The Pentagon is reluctant to send technology to Ukraine that’s not been “proven”

13:08 24.06.2022 •

The Pentagon began to doubt what weapons can and should be supplied to Ukraine. “The Politico” writes about this case in an article “A huge lag time’: DoD struggles to rush cutting-edge tech to Ukraine. “Successes occur by exception, not by rule,” one DoD official said”. It seems that in the United States there is a reassessment of the situation around Ukraine.

“The Politico” says: “Thousands of American-made weapons are flowing into Ukraine, but the Pentagon’s acquisition system is still not pivoting quickly enough to get the latest commercial gear to the front lines, according to defense industry executives, lobbyists and some of the Pentagon’s own technologists”.

In the article, there are some revealing confessions.

“Yet even as traditional defense weaponry — missiles, vehicles, ammunition — continue to arrive in Ukraine, there is growing frustration that the process of sending emerging technology is not moving at the “speed of war” that Defense Secretary Lloyd Austin has said is necessary to help Ukraine fight Russia”.

POLITICO spoke to industry officials and lobbyists who said Pentagon is sending mixed messages about the level of urgency in providing the Ukrainians with cutting-edge technologies. All asked for anonymity in order to speak freely. They complained they are struggling to interface with a military aid process that is still too lumbering and bureaucratic. Even the Pentagon’s flagship effort to identify the most promising commercial gear is not keeping pace with the battle, they say.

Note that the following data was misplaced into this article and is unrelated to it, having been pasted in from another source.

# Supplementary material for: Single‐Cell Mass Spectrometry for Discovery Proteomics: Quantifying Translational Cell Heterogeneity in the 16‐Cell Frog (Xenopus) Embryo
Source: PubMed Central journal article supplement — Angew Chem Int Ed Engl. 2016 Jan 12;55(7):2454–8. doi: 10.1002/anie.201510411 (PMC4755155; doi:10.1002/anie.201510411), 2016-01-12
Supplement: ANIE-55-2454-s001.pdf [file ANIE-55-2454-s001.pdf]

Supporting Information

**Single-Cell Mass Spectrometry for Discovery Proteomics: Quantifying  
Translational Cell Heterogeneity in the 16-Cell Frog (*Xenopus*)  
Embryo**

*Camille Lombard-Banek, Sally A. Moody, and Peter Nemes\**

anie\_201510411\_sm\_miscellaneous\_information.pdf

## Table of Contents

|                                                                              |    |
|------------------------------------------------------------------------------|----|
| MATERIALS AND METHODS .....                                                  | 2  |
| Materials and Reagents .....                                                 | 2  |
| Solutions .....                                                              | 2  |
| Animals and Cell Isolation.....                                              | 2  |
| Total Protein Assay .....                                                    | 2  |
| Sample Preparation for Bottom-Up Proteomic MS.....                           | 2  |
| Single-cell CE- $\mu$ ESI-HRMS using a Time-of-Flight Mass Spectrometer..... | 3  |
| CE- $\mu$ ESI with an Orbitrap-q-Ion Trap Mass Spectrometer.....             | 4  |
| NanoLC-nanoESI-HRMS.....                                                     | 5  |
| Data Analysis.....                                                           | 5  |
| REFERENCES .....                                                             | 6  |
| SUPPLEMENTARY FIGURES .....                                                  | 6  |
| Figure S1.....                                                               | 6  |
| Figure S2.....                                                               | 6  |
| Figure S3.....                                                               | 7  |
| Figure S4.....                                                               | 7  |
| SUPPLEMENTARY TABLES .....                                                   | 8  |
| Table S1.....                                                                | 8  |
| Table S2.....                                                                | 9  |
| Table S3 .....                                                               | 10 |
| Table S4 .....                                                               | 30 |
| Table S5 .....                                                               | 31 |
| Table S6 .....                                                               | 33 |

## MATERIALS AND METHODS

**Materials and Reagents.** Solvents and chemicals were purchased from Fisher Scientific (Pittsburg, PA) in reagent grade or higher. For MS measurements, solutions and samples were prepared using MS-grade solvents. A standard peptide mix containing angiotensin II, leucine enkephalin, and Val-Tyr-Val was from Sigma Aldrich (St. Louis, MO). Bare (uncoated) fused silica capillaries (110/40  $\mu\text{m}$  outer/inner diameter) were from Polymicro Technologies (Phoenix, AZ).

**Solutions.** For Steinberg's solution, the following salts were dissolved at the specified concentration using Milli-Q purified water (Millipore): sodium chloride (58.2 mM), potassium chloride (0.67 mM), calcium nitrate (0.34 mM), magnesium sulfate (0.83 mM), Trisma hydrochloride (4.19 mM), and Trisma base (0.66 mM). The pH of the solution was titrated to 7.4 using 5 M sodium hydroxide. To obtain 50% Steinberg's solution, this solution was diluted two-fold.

The Defense Logistics Agency released a request for information on April, 22 asking industry for their ideas on weapons systems or commercial capabilities that could help the war effort. The Pentagon canvassed industry on how quickly companies could send a product to Ukraine — 30 days or less; under 90 days; less than 180 days; or more than 180 days. Companies were also asked to describe in fewer than 100 words their product and why it would be effective in Ukraine.

Instead of going through Department of Defense (DoD), one lobbyist was advised by Capitol Hill staff to turn to Congress via standard defense appropriations to seek funding on behalf of clients who may have commercial solutions for the war in Ukraine. It’s not a speedy process, but it’s a bit more predictable, this person said. The lack of guidance from the government leaves many asking, “Where’s the money going?” the lobbyist added.

The Pentagon is reluctant to send technology to Ukraine that’s not been “proven,” which means they haven’t been used by U.S. forces or lack proper testing or training manuals, a second industry executive said. Specifically, this person said, the U.S. is hesitant to send tech that DoD has not developed operational training manuals for or that has not gone through military testing.

“Systems that require significant training — or don’t have training packages developed — are more challenging,” he said. “Similarly, the intensity of this fight creates significant maintenance challenges, especially for systems that have not been ruggedized for combat.”

Ultimately, though, “an even greater challenge” is making those lessons stick well beyond Ukraine. “Our policies and budgets need to evolve to be as agile as the commercial technology that we wish to use,” say Defense Innovation Unit (DIU) Director Michael Brown accused Pentagon leaders of “benign neglect” for not moving aggressively enough to incorporate commercially available technologies into the acquisition process. “We need to figure out how to follow the commercial market in a rapid way. We’re doing that in a slow way,” he told POLITICO.


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